Having parties on dry land can be so blasé. Especially when you live in a place like Texas, which, in case you didn't notice, tends to get hot. So when we heard the words "boat party" over the weekend, we were ready to sign up for whatever came next.
The catalyst was Dallas rapper Tru Def, who's been selected to appear in a new Bud Light commercial and decided it was time to throw a party. It was out on Lake Lewisville (Dallas, where your lakes at?) and 115 of us all boarded this great big red and yellow sailboat for a three-hour party.
Dallas has all sorts of unique music events, but putting it on a boat is another beast. In fact, it's not cheap, in case you were wondering. It cost $30 to hop on the boat, which got you a few drink tickets (but no free Bud Light, which seemed like a bit of an oversight). Still, the party was balling, thanks in large part to the work of Tru Def's crew, who provided plenty of free food. Whoever made that baked macaroni and cheese is a genius and the cranberry vodka was heavy-handed. We were even allowed to BYOB.
Perhaps they knew what they were doing, because this wasn't the first time Tru Def has held a boat party. He did so last year as well. But this one was different thanks to the Bud Light ad, which went up online in a short film version a couple weeks ago and has been viewed by over 400,000 people. For the filming of the commercial, Tru Def met Snoop Dogg and also performed one of his songs onstage with Lil Jon. Another cut of the commercial will be shown before films at Cinemark theaters through September.
Things were a little slow to get started. The boat was supposed to depart at 3 p.m., but that time came and went and the party people found themselves waiting at the local watering holes. It turns out the start time had been pushed back an hour, but most of us had missed the update — distracted, perhaps, by our pre-gaming. We just shrugged, grabbed drinks at a dirt-cheap bar, stared at the boat and got to know each other.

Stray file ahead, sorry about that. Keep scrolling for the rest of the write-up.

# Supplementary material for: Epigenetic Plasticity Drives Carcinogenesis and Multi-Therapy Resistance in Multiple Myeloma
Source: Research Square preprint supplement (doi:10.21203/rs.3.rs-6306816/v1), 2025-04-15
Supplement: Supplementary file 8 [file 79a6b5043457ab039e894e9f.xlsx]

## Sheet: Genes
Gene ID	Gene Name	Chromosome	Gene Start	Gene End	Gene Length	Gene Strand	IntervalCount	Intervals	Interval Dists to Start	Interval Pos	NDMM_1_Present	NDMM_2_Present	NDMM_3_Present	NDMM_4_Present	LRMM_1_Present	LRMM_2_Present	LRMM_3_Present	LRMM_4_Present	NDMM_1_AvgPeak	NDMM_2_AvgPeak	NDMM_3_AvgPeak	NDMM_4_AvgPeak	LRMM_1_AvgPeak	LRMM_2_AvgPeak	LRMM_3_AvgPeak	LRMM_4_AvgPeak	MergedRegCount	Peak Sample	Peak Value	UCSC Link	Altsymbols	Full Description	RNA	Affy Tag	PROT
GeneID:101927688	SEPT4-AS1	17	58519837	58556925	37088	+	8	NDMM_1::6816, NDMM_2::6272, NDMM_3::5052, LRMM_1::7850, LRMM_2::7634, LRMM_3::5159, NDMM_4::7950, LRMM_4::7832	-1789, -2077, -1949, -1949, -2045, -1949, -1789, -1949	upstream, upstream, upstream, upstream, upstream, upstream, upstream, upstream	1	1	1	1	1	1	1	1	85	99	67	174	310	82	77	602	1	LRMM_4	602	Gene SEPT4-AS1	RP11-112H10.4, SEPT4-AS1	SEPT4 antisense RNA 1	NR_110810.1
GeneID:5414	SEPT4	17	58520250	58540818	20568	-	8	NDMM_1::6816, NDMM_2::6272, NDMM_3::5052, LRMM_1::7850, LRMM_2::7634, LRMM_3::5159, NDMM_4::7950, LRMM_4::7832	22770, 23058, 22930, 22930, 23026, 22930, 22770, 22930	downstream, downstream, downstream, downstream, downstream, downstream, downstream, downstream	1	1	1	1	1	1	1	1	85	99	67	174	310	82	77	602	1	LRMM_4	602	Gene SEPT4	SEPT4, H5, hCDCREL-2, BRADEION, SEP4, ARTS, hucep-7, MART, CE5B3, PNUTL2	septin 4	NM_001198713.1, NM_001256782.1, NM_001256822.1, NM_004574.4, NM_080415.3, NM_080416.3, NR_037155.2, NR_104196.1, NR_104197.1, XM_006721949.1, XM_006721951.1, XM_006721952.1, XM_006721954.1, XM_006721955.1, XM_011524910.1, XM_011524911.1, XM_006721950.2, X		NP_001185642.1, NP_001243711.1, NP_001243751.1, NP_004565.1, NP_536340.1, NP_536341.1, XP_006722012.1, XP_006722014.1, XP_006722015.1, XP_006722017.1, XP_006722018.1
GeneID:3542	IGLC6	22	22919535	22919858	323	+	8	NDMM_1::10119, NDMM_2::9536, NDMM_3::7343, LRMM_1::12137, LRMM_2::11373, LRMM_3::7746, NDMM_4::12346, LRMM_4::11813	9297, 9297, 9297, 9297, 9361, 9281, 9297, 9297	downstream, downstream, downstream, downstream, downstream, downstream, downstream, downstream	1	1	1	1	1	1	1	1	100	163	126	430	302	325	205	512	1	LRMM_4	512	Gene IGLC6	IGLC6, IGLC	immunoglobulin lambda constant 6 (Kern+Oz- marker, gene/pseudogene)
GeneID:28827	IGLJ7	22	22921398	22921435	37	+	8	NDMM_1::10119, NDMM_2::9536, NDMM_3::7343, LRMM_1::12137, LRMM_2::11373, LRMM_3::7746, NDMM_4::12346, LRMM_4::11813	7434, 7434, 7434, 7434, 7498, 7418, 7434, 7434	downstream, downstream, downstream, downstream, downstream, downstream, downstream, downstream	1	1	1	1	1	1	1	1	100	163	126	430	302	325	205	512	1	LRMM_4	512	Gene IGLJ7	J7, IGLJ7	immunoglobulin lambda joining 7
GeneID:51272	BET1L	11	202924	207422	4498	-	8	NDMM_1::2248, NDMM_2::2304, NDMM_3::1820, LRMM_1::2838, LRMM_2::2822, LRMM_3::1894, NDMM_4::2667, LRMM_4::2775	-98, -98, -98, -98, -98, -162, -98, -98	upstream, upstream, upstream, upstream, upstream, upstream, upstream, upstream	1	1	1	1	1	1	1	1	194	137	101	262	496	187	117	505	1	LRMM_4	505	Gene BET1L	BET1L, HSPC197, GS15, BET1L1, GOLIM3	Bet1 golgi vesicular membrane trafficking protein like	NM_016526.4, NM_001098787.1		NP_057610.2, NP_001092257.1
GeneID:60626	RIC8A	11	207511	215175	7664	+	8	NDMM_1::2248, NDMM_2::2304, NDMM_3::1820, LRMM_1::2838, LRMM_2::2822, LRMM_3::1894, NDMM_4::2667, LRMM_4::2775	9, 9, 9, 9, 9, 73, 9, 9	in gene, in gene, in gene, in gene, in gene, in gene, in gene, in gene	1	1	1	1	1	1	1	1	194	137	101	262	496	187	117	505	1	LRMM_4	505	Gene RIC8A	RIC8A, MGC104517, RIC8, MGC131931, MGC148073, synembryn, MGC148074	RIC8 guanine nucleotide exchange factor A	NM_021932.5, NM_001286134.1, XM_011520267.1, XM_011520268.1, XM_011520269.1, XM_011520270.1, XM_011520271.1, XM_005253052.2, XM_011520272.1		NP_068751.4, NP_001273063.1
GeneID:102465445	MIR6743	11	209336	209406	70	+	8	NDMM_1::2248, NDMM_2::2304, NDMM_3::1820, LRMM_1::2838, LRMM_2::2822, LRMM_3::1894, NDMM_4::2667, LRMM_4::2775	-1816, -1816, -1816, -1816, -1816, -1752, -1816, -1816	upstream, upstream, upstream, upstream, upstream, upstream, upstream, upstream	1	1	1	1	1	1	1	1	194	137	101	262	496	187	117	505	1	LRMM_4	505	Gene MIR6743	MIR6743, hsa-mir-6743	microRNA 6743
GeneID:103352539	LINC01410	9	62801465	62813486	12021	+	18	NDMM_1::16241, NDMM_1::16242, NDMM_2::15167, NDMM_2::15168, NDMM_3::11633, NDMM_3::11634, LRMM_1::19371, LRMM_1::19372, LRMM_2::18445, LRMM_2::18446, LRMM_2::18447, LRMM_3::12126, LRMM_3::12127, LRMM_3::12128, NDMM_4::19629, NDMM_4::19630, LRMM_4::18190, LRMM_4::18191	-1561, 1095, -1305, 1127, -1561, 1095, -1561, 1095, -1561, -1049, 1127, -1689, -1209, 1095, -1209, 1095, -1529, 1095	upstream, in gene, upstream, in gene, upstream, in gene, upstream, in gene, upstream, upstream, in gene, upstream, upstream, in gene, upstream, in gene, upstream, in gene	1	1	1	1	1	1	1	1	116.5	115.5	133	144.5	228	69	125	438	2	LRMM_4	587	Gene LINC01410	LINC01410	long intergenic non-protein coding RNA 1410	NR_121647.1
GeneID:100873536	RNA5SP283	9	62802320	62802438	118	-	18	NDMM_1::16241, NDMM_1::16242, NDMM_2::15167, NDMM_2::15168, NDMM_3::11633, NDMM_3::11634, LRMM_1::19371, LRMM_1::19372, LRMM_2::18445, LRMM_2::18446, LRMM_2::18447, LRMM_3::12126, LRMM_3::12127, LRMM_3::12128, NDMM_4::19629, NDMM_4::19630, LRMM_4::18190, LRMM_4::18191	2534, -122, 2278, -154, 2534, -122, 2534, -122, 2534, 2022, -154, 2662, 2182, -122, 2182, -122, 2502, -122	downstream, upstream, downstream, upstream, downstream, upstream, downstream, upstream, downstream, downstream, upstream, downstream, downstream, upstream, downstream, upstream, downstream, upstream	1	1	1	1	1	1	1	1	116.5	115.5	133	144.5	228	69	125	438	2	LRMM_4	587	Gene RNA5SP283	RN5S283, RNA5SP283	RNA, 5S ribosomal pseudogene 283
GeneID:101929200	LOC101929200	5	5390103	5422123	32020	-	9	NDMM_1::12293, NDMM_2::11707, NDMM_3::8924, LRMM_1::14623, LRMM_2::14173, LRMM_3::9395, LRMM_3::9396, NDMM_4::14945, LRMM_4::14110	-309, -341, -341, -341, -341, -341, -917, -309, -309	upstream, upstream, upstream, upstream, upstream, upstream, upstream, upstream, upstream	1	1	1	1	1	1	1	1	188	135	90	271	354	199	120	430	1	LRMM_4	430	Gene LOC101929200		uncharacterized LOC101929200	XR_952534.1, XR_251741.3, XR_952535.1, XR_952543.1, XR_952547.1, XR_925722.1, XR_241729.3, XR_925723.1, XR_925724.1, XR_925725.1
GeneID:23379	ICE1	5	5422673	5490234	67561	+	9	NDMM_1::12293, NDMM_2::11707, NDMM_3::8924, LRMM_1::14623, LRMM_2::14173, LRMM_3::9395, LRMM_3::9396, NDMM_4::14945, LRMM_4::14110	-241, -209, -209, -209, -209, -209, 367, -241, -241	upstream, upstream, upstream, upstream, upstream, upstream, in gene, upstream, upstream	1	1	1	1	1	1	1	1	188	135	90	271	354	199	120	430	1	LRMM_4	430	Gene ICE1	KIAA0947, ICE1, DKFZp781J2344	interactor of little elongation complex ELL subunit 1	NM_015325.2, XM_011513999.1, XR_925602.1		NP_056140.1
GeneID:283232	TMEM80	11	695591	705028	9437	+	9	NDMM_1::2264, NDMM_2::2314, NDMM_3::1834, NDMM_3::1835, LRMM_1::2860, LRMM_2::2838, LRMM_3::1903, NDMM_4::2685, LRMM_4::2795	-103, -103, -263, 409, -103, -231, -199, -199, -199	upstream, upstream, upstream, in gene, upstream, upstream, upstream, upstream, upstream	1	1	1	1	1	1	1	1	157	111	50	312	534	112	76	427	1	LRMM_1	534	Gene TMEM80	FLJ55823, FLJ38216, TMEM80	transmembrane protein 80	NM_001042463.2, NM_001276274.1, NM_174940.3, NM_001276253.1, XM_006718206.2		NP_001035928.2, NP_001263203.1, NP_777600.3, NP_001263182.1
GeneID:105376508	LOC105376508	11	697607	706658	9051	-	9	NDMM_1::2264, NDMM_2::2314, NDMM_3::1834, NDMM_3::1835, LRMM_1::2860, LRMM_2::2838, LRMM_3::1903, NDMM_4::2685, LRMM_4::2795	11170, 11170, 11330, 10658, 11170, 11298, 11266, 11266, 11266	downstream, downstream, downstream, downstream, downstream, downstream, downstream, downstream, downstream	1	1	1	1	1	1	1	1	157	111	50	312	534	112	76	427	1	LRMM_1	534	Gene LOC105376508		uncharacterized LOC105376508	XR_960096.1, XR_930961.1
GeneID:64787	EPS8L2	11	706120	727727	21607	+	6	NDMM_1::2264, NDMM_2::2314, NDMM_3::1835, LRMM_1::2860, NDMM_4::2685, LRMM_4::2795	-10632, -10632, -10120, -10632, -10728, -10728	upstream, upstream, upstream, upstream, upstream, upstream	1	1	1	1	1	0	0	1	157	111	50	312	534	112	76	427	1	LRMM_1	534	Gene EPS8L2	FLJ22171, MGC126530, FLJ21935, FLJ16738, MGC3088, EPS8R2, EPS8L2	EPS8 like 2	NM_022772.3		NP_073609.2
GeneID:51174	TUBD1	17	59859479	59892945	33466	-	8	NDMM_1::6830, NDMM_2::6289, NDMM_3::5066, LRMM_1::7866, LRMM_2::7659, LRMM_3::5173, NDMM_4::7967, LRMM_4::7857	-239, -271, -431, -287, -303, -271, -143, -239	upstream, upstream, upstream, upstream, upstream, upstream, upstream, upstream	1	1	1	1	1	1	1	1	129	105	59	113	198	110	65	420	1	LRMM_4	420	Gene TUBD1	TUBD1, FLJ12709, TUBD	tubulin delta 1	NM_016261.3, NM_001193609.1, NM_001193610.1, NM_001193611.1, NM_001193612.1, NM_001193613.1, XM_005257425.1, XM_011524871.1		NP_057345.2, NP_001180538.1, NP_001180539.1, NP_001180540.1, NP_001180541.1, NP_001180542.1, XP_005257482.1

But in the end, things went off without a hitch, which is saying something when you invite Texans to a boat party. You want us to hold our liquor and be on a boat? Better get extra insurance. (Oh wait, that's what the waivers we signed were for.) It was a hot afternoon, too, and as it turns out, alcohol doesn't quell thirst.
Right away there were DJs playing and we started drinking and eating. It was nice up front, but when the sun became a bit much you could go inside. Food and drink were on endless supply, and there were places to sit and take a break from the heat. There was a dance floor in front of the DJ. People were carefree enough to sing along to whatever was playing. It was that kind of crowd. Everyone who bought a ticket seemed to describe some deep, personal connection with Tru Def.
And then the man of the hour took to the mix. First we heard Tru Def telling people to have a good time, thanking everyone for coming, wishing happy birthday to some and giving others special thanks. He walked around talking to people the whole time. A smile is infectious and he's been able to capture that type of energy with his live shows. Tru Def is also great with both hooks and freestyle. After being overlooked for several months, his concept album, Crown, finally got the attention it deserved. Those are some catchy, inspirational tracks.
Tru Def’s lyrics are thoughtful and sometimes delivered with the intensity of a fistfight. You’ll find yourself backing up a track to be clear on what he said and because you like how he said it. This is a local release you want to listen to repeatedly, like $kaduf’s Groveside The Realest EP. Tru Def plans to release a follow-up album next spring.
We watched the video. But Tru Def also aired an unannounced music video for a short “Interlude” track from his next release. Then he performed some new material on the dance floor. After a short break, he got up on the roof and performed for the crowd. I should stress that this was no small feat. After getting too much of whatever we needed, many of us were holding on to whatever we could as we maneuvered around the boat.
When Tru Def got on the roof, the wind was harsh, the boat was rocking and it was too bright to look up at him. I don’t know why he went up there or how he didn’t fall in the water. But he definitely upped the ante, going from high-energy performances to stunt performance. It maybe wasn't debaucherous, as far as boat parties go, but it sure was entertaining.
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